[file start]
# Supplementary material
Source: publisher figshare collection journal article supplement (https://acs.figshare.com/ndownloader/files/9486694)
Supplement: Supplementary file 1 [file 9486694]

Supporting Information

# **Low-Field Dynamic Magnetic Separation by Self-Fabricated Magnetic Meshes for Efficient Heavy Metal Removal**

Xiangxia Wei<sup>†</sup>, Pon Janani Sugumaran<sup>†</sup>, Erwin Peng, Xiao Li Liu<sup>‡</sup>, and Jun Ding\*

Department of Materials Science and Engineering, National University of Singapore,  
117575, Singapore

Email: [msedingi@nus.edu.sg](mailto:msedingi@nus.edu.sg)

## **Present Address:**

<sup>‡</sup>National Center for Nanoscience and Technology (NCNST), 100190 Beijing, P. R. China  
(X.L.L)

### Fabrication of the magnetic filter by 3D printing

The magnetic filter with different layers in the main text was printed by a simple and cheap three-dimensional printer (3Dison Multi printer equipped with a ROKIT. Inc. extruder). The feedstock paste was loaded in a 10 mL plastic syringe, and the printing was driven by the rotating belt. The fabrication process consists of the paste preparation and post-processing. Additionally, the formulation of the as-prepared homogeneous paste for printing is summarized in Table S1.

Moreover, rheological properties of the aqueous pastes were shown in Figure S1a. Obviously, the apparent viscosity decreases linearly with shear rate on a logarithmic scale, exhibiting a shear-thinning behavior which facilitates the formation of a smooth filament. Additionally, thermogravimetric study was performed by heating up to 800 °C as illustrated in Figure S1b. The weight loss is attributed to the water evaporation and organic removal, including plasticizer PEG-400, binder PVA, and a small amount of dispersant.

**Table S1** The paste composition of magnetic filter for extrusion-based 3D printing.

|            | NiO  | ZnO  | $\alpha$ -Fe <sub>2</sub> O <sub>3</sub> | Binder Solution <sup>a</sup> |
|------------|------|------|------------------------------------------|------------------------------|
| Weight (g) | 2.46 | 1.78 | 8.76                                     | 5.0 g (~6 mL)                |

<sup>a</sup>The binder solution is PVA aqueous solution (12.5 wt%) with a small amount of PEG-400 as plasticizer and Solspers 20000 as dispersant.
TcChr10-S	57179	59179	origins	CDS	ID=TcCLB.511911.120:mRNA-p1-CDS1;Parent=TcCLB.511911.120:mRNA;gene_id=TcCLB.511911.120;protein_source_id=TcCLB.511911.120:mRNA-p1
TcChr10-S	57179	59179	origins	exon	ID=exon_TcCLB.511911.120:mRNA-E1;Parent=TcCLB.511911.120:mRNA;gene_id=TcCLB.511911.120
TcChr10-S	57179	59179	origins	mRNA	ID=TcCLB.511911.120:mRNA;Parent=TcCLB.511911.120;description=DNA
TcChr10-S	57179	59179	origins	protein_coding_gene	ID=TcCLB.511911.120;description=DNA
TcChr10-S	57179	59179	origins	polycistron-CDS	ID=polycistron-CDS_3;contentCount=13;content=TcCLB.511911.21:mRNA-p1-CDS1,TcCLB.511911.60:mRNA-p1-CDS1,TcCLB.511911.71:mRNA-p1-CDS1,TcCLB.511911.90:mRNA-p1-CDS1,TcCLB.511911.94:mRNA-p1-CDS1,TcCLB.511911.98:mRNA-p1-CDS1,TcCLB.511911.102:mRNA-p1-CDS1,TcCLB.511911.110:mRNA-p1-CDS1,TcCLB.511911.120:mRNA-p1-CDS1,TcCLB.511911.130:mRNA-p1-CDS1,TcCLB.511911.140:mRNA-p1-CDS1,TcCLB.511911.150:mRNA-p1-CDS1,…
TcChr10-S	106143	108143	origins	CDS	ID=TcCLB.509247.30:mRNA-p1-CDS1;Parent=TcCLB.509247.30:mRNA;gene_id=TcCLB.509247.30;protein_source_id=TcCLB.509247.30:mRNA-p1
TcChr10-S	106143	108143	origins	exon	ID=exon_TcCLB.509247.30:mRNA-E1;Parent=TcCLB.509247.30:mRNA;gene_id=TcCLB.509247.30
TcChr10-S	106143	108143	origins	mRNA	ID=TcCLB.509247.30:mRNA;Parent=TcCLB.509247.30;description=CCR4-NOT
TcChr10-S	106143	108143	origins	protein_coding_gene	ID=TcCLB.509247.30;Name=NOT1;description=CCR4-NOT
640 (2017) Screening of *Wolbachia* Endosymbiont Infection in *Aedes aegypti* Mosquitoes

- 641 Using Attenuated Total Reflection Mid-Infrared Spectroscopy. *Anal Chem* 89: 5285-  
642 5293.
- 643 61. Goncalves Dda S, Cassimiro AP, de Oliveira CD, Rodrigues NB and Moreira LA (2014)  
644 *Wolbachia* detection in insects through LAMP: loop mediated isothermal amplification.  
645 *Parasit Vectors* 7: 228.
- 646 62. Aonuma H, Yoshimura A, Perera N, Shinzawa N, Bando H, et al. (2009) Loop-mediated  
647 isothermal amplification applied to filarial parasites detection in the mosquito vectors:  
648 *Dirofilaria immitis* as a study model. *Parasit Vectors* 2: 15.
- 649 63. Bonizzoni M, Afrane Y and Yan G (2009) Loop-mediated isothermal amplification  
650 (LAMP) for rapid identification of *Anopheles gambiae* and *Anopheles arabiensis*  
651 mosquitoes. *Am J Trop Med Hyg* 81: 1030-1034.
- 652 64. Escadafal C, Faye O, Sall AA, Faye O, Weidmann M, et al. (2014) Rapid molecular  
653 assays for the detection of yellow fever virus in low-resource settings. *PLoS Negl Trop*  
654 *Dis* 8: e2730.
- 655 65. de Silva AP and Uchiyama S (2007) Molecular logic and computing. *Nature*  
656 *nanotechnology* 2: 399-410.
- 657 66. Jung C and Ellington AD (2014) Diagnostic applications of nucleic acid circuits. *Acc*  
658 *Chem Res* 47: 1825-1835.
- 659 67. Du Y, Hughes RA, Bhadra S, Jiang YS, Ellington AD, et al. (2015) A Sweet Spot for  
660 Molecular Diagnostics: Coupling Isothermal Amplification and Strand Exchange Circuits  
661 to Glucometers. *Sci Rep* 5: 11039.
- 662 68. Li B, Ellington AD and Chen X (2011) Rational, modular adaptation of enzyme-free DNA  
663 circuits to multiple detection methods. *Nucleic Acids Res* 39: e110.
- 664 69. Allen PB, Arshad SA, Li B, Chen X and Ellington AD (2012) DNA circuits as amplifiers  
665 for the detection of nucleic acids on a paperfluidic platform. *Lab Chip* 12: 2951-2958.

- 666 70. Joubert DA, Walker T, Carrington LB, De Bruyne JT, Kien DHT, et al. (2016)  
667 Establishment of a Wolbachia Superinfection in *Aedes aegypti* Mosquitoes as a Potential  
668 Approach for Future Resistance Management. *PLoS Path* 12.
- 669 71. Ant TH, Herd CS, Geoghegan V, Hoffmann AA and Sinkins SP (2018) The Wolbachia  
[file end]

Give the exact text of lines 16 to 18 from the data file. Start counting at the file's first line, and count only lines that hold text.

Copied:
**Table S1** The paste composition of magnetic filter for extrusion-based 3D printing.

|            | NiO  | ZnO  | $\alpha$ -Fe <sub>2</sub> O <sub>3</sub> | Binder Solution <sup>a</sup> |
|------------|------|------|------------------------------------------|------------------------------|